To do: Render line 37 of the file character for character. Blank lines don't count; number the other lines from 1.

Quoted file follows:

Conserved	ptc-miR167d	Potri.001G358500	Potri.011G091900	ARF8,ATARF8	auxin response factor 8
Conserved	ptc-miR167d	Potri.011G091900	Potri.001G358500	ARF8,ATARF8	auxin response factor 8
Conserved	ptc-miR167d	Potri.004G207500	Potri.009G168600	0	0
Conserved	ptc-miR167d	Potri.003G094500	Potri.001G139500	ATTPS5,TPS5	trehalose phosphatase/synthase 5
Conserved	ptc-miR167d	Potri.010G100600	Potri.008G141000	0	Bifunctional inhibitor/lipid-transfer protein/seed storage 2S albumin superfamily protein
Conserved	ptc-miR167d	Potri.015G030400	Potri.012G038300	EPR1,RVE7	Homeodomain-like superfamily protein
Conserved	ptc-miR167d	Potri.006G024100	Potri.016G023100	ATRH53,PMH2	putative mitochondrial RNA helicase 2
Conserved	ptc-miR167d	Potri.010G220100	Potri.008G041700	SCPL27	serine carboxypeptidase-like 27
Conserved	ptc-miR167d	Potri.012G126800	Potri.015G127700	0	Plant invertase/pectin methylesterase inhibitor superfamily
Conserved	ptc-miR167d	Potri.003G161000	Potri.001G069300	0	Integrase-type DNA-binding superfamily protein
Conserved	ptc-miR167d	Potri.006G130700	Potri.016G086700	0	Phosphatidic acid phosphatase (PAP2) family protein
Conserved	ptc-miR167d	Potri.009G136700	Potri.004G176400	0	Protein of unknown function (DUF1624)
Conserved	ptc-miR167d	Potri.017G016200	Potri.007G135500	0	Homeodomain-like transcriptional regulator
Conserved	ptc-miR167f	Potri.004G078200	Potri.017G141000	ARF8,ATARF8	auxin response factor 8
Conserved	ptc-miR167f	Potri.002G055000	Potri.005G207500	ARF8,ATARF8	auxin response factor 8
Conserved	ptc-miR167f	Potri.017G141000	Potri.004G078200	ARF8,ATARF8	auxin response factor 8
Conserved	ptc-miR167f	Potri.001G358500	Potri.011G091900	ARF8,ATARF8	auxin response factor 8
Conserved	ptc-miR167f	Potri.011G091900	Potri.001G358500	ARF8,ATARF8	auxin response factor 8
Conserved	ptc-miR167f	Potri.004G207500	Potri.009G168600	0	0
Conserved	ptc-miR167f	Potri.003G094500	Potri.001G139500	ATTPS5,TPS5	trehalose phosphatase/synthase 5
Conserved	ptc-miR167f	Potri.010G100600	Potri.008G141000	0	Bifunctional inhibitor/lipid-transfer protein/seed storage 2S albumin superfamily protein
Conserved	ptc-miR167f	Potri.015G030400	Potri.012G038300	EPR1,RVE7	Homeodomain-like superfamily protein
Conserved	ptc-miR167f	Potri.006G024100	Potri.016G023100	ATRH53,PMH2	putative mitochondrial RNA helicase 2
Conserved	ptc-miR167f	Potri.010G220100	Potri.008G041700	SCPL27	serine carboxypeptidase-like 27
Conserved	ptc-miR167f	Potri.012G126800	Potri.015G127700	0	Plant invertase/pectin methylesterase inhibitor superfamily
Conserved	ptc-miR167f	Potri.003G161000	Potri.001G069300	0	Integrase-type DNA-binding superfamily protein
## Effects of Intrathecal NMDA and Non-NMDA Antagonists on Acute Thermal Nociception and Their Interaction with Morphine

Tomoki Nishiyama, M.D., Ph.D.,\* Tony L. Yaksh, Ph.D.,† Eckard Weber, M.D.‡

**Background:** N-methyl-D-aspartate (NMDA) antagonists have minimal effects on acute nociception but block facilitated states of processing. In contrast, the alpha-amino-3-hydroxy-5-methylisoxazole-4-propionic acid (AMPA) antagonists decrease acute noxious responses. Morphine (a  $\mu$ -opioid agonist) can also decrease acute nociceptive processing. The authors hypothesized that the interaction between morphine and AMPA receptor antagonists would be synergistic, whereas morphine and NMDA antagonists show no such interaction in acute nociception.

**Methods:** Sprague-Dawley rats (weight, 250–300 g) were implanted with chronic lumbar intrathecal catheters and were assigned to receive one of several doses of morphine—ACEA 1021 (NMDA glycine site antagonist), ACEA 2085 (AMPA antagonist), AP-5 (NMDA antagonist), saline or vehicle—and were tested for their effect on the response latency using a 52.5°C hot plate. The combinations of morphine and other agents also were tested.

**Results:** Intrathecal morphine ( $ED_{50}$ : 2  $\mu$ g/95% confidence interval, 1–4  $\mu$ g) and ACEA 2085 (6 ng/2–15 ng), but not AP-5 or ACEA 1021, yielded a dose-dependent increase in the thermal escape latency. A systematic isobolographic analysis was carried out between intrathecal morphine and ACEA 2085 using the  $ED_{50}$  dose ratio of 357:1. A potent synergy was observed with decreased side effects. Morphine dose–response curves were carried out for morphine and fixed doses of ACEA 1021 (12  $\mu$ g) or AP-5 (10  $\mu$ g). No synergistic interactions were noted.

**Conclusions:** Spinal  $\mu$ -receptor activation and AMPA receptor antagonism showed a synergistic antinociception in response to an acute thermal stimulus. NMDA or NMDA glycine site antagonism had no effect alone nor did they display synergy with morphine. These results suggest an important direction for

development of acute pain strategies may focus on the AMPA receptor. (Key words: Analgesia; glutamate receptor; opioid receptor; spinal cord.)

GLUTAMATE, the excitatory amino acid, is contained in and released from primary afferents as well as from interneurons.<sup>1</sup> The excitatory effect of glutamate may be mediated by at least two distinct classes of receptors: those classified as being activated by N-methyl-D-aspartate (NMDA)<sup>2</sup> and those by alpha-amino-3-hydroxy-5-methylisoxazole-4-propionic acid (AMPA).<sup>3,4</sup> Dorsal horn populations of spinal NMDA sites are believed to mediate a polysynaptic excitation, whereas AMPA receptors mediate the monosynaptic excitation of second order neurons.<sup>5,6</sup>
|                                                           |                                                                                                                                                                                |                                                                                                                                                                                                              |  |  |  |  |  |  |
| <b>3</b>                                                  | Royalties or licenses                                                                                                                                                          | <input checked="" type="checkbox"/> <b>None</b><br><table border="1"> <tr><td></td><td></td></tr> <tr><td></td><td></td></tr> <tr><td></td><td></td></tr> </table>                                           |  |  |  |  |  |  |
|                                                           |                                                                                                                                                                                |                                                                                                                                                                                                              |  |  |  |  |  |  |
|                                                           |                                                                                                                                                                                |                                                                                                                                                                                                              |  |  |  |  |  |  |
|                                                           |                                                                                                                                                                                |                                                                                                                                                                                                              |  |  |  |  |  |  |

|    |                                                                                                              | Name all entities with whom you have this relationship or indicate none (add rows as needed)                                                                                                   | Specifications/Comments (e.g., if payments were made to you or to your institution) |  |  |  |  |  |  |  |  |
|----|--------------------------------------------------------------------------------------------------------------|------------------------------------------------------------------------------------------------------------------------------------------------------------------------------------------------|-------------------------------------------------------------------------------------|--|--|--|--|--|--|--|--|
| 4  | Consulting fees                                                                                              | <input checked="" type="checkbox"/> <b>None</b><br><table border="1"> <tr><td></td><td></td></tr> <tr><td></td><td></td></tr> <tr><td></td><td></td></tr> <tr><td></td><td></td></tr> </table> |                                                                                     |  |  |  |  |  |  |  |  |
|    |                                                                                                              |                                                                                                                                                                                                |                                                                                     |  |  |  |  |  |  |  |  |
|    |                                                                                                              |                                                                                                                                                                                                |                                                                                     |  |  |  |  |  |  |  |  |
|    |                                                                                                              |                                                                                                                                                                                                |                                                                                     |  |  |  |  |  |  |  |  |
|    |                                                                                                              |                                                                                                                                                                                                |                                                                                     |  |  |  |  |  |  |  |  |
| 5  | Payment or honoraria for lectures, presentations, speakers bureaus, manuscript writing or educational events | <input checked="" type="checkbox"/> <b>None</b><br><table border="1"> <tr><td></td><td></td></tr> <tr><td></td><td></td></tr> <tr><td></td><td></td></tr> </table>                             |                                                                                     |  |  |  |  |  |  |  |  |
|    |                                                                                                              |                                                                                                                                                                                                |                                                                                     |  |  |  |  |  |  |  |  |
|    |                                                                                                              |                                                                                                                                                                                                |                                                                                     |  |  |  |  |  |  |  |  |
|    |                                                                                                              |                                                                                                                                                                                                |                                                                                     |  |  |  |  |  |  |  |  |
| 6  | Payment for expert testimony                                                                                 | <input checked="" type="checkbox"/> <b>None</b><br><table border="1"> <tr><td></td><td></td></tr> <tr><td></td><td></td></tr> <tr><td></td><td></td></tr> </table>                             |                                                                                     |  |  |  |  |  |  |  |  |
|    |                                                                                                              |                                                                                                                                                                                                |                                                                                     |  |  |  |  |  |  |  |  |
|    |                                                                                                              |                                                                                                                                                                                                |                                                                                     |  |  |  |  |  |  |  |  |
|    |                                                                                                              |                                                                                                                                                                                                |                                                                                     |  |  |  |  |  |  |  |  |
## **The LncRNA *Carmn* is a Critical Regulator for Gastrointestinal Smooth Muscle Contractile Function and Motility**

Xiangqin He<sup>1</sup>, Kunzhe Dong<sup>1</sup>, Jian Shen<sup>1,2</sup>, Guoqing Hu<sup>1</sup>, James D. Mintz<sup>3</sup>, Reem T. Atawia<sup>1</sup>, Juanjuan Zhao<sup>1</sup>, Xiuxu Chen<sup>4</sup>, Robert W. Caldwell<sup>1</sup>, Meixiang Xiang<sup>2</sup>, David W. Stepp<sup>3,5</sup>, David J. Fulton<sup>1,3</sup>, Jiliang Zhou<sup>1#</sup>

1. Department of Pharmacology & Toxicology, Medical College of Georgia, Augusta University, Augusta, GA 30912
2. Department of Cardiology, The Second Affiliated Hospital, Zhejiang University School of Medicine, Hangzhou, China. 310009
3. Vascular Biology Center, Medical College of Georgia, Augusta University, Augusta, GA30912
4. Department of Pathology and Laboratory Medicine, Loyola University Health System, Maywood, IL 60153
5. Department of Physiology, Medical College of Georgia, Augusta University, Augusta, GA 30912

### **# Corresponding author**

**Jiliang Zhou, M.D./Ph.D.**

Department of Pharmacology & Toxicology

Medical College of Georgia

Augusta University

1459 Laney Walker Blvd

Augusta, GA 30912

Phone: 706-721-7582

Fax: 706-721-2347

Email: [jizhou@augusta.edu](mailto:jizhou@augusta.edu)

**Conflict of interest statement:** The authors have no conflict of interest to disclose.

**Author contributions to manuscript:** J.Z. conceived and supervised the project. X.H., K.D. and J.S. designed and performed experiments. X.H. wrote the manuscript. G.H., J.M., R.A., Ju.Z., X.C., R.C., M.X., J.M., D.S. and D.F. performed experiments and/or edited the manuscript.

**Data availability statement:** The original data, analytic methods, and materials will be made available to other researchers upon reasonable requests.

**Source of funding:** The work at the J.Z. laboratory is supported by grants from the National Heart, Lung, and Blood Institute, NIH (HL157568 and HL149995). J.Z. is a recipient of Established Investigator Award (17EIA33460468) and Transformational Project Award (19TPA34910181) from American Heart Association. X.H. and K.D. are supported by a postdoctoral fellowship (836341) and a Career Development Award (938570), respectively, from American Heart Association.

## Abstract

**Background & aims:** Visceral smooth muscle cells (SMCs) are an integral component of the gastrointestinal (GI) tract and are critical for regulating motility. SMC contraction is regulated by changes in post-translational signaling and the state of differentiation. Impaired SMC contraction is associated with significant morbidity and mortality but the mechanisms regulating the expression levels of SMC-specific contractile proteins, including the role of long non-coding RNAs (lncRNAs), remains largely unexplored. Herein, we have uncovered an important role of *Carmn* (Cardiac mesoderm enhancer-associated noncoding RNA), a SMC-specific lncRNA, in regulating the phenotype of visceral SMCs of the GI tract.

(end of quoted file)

|                                                           |                                                                                                                                                                                |                                                                                                                                                                                                              |  |  |  |  |  |  |